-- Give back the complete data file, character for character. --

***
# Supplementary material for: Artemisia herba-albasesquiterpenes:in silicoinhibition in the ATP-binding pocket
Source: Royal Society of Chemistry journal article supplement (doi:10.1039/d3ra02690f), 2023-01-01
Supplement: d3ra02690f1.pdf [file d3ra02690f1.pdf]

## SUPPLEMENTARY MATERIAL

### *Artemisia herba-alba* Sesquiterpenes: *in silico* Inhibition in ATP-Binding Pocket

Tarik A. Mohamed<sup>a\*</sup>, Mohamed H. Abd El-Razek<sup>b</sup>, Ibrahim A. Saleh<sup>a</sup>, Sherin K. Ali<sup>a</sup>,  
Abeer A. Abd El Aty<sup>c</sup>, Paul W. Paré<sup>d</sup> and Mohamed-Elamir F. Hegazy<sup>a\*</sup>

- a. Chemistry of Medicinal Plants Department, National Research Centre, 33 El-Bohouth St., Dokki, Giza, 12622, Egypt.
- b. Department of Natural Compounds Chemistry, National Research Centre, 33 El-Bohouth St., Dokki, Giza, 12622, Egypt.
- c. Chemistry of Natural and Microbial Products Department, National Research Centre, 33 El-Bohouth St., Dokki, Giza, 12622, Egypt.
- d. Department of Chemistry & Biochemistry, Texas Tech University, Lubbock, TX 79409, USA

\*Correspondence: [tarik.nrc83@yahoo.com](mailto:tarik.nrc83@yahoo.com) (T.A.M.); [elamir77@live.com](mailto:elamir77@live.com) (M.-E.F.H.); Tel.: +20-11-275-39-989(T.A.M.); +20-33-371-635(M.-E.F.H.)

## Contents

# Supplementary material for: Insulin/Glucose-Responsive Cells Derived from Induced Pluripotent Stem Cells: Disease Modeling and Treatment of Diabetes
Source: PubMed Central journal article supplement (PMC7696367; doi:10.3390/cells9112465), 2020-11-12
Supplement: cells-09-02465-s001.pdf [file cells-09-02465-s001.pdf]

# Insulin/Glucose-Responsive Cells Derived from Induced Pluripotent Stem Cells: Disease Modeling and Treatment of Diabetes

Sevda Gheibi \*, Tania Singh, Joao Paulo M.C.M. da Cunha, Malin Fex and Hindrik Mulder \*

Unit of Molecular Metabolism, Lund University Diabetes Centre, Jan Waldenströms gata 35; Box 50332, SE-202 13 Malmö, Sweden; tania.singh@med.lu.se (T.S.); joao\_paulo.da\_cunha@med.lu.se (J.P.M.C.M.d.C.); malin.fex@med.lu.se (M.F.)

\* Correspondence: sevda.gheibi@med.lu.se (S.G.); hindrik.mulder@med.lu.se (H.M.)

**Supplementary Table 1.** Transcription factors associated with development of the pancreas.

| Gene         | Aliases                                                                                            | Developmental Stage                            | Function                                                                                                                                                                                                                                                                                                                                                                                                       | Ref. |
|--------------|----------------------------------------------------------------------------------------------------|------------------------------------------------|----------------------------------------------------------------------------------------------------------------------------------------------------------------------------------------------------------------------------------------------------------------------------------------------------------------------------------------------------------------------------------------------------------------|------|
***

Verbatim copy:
# Supplementary material for: Artemisia herba-albasesquiterpenes:in silicoinhibition in the ATP-binding pocket
Source: Royal Society of Chemistry journal article supplement (doi:10.1039/d3ra02690f), 2023-01-01
Supplement: d3ra02690f1.pdf [file d3ra02690f1.pdf]

## SUPPLEMENTARY MATERIAL

### *Artemisia herba-alba* Sesquiterpenes: *in silico* Inhibition in ATP-Binding Pocket

Tarik A. Mohamed<sup>a\*</sup>, Mohamed H. Abd El-Razek<sup>b</sup>, Ibrahim A. Saleh<sup>a</sup>, Sherin K. Ali<sup>a</sup>,  
Abeer A. Abd El Aty<sup>c</sup>, Paul W. Paré<sup>d</sup> and Mohamed-Elamir F. Hegazy<sup>a\*</sup>

- a. Chemistry of Medicinal Plants Department, National Research Centre, 33 El-Bohouth St., Dokki, Giza, 12622, Egypt.
- b. Department of Natural Compounds Chemistry, National Research Centre, 33 El-Bohouth St., Dokki, Giza, 12622, Egypt.
- c. Chemistry of Natural and Microbial Products Department, National Research Centre, 33 El-Bohouth St., Dokki, Giza, 12622, Egypt.
- d. Department of Chemistry & Biochemistry, Texas Tech University, Lubbock, TX 79409, USA

\*Correspondence: [tarik.nrc83@yahoo.com](mailto:tarik.nrc83@yahoo.com) (T.A.M.); [elamir77@live.com](mailto:elamir77@live.com) (M.-E.F.H.); Tel.: +20-11-275-39-989(T.A.M.); +20-33-371-635(M.-E.F.H.)

## Contents

# Supplementary material for: Insulin/Glucose-Responsive Cells Derived from Induced Pluripotent Stem Cells: Disease Modeling and Treatment of Diabetes
Source: PubMed Central journal article supplement (PMC7696367; doi:10.3390/cells9112465), 2020-11-12
Supplement: cells-09-02465-s001.pdf [file cells-09-02465-s001.pdf]

# Insulin/Glucose-Responsive Cells Derived from Induced Pluripotent Stem Cells: Disease Modeling and Treatment of Diabetes

Sevda Gheibi \*, Tania Singh, Joao Paulo M.C.M. da Cunha, Malin Fex and Hindrik Mulder \*

Unit of Molecular Metabolism, Lund University Diabetes Centre, Jan Waldenströms gata 35; Box 50332, SE-202 13 Malmö, Sweden; tania.singh@med.lu.se (T.S.); joao\_paulo.da\_cunha@med.lu.se (J.P.M.C.M.d.C.); malin.fex@med.lu.se (M.F.)

\* Correspondence: sevda.gheibi@med.lu.se (S.G.); hindrik.mulder@med.lu.se (H.M.)

**Supplementary Table 1.** Transcription factors associated with development of the pancreas.

| Gene         | Aliases                                                                                            | Developmental Stage                            | Function                                                                                                                                                                                                                                                                                                                                                                                                       | Ref. |
|--------------|----------------------------------------------------------------------------------------------------|------------------------------------------------|----------------------------------------------------------------------------------------------------------------------------------------------------------------------------------------------------------------------------------------------------------------------------------------------------------------------------------------------------------------------------------------------------------------|------|